Tuesday, December 3, 2019

Philosophy - Abortion Rectitude Essays - Fertility, Abortion Debate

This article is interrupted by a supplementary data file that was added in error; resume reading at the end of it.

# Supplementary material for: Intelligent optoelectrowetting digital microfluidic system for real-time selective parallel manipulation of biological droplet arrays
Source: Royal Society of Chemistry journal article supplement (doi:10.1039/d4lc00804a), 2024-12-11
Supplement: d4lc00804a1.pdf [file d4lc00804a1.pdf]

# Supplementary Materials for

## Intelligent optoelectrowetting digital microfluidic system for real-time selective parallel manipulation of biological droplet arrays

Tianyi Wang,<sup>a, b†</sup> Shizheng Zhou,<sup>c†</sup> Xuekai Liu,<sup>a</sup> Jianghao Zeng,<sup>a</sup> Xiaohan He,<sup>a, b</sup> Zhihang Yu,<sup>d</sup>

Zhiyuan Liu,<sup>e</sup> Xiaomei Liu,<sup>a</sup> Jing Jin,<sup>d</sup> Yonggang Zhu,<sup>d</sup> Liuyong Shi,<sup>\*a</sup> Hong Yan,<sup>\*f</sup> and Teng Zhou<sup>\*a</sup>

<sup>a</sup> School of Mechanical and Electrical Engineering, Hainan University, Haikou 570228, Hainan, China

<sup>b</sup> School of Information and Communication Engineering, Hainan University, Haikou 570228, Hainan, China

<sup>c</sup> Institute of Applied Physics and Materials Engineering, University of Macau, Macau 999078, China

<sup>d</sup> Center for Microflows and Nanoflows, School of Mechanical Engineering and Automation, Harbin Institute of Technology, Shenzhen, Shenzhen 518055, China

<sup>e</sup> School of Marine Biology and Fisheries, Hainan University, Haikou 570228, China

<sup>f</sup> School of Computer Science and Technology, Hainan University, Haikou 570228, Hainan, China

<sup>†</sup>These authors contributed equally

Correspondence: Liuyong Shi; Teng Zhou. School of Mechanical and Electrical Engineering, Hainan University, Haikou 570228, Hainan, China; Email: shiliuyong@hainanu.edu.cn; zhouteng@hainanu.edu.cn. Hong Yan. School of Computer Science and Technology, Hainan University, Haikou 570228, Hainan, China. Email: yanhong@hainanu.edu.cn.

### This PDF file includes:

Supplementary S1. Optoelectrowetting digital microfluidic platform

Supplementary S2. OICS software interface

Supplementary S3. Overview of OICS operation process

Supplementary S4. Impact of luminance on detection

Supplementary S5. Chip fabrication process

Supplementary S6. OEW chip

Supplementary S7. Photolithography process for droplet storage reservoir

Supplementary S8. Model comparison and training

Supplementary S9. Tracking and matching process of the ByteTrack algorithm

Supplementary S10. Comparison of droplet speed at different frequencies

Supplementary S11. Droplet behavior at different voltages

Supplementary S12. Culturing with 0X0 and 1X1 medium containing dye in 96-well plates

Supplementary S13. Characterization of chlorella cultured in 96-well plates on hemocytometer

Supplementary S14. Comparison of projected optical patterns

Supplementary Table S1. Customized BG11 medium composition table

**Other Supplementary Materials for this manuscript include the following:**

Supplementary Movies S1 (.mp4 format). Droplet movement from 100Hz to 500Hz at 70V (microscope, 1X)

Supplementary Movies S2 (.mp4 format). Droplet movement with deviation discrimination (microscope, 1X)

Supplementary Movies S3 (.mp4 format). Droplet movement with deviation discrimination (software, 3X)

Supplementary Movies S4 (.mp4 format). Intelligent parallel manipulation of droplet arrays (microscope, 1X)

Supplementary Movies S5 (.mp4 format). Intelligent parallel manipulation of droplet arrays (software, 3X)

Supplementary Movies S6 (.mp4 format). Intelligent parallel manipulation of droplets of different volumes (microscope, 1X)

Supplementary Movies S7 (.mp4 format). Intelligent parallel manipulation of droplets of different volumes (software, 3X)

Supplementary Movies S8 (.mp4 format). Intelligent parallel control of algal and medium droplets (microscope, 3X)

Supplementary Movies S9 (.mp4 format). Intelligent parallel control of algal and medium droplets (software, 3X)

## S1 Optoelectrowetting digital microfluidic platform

Philosophy - Abortion Rectitude There comes a time in the lives of most women when an ovum, fertilized with sperm, will implant itself into her uterine wall. This is nature's first step in its attempt to continue the human race. Currently, when this implantation occurs, the impregnated woman has the right to allow the embryo to nourish itself into existence or to eliminate all chances of that embryo attaining life through abortion. Every species of plant and animal on earth reproduce in one way or another. How could something as ancient and fundamental as reproduction turn into one of the most hotly contested moral debates in history? The question can only be answered if we first examine the intellectual psyche of the human animal. Since we are currently the most intelligent beings on earth, we use our critical thinking capabilities to selectively choose what should be morally acceptable and what should be deemed unacceptable. To the best of our knowledge, we as humans are the only species in existence that wrestle with moral dilemmas. Absolute morality that will be agreed upon by the majority of a society is extremely difficult to determine since each individual has the ability to decide for themselves what is morally acceptable. It is because of this decision that our American culture intensely debates issues of morality such as abortion. The debate over abortion pits the rights to life of an unborn fetus against the rights of rational women who want to control what happens to their own body. Does the termination of a pregnancy deprive a human of their right to life? Should our government be allowed the power to regulate what a woman can and cannot do with her own body? These are two of the questions which will be deliberated over throughout the course of this paper. In his article "Abortion and Infanticide", Michael Tooley tackles two important questions about abortion. The first is "what properties must someone have in order to be considered a person, i.e., to have a serious right to life?" Tooley answers that anything which completely lacks consciousness, like ordinary machines, cannot have rights. If a being does not desire something such as consciousness, it is impossible to deprive that being of his right to it. In other words, Tooley argues that since a fetus does not show outward desires to have life, it is morally permissible to abort that fetus. There are three exceptions to this rule that need to be clarified. First, if the being is in a temporary emotionally unbalanced state, such as a deep depression, he should still be allowed rights to life. Secondly, if the being is unconscious due to sleep or some sort of trauma, he should not be deprived of his rights to life. Finally, if the person has been brainwashed by a religious cult or any similar institution into wanting death, he should still be given a right to life. The second question addressed by Tooley is "at what point in the development of a member of the species Homo Sapiens does the organism possess the properties that make it a person?" The law in America currently implies that the fetus possesses the properties that make it a person when it reaches the third trimester or the sixth month of its germination inside the uterus. Is this a reasonable assessment of when a fetus has a right to life? Tooley says "No". An organism does not have a right to life unless it possesses the concept of a self as a continuous being of mental states. This definition of possessing a right to life can be applied to newborn babies that do not yet have a concept of a self as a continuous being. Therefore, it is morally acceptable to deprive them of their right to life, for they don't show desire for life. According to Tooley, the fetus does not have a right to life at any time therefore, the mother of that fetus should have the right to terminate her pregnancy as she so chooses. Tooley implies that until the fetus reaches the age of about three weeks outside the uterus, it does not show signs of wanting life. Only when the child shows signs of desiring life should the child be given a right to life. These arguments are controversial to say the least. However, they contain a rational opinion of when an organism should be given a right to life. Mary Anne Warren also examines the morality of abortion in her article titled "On the Moral and Legal Status of Abortion". She attempts to address the question

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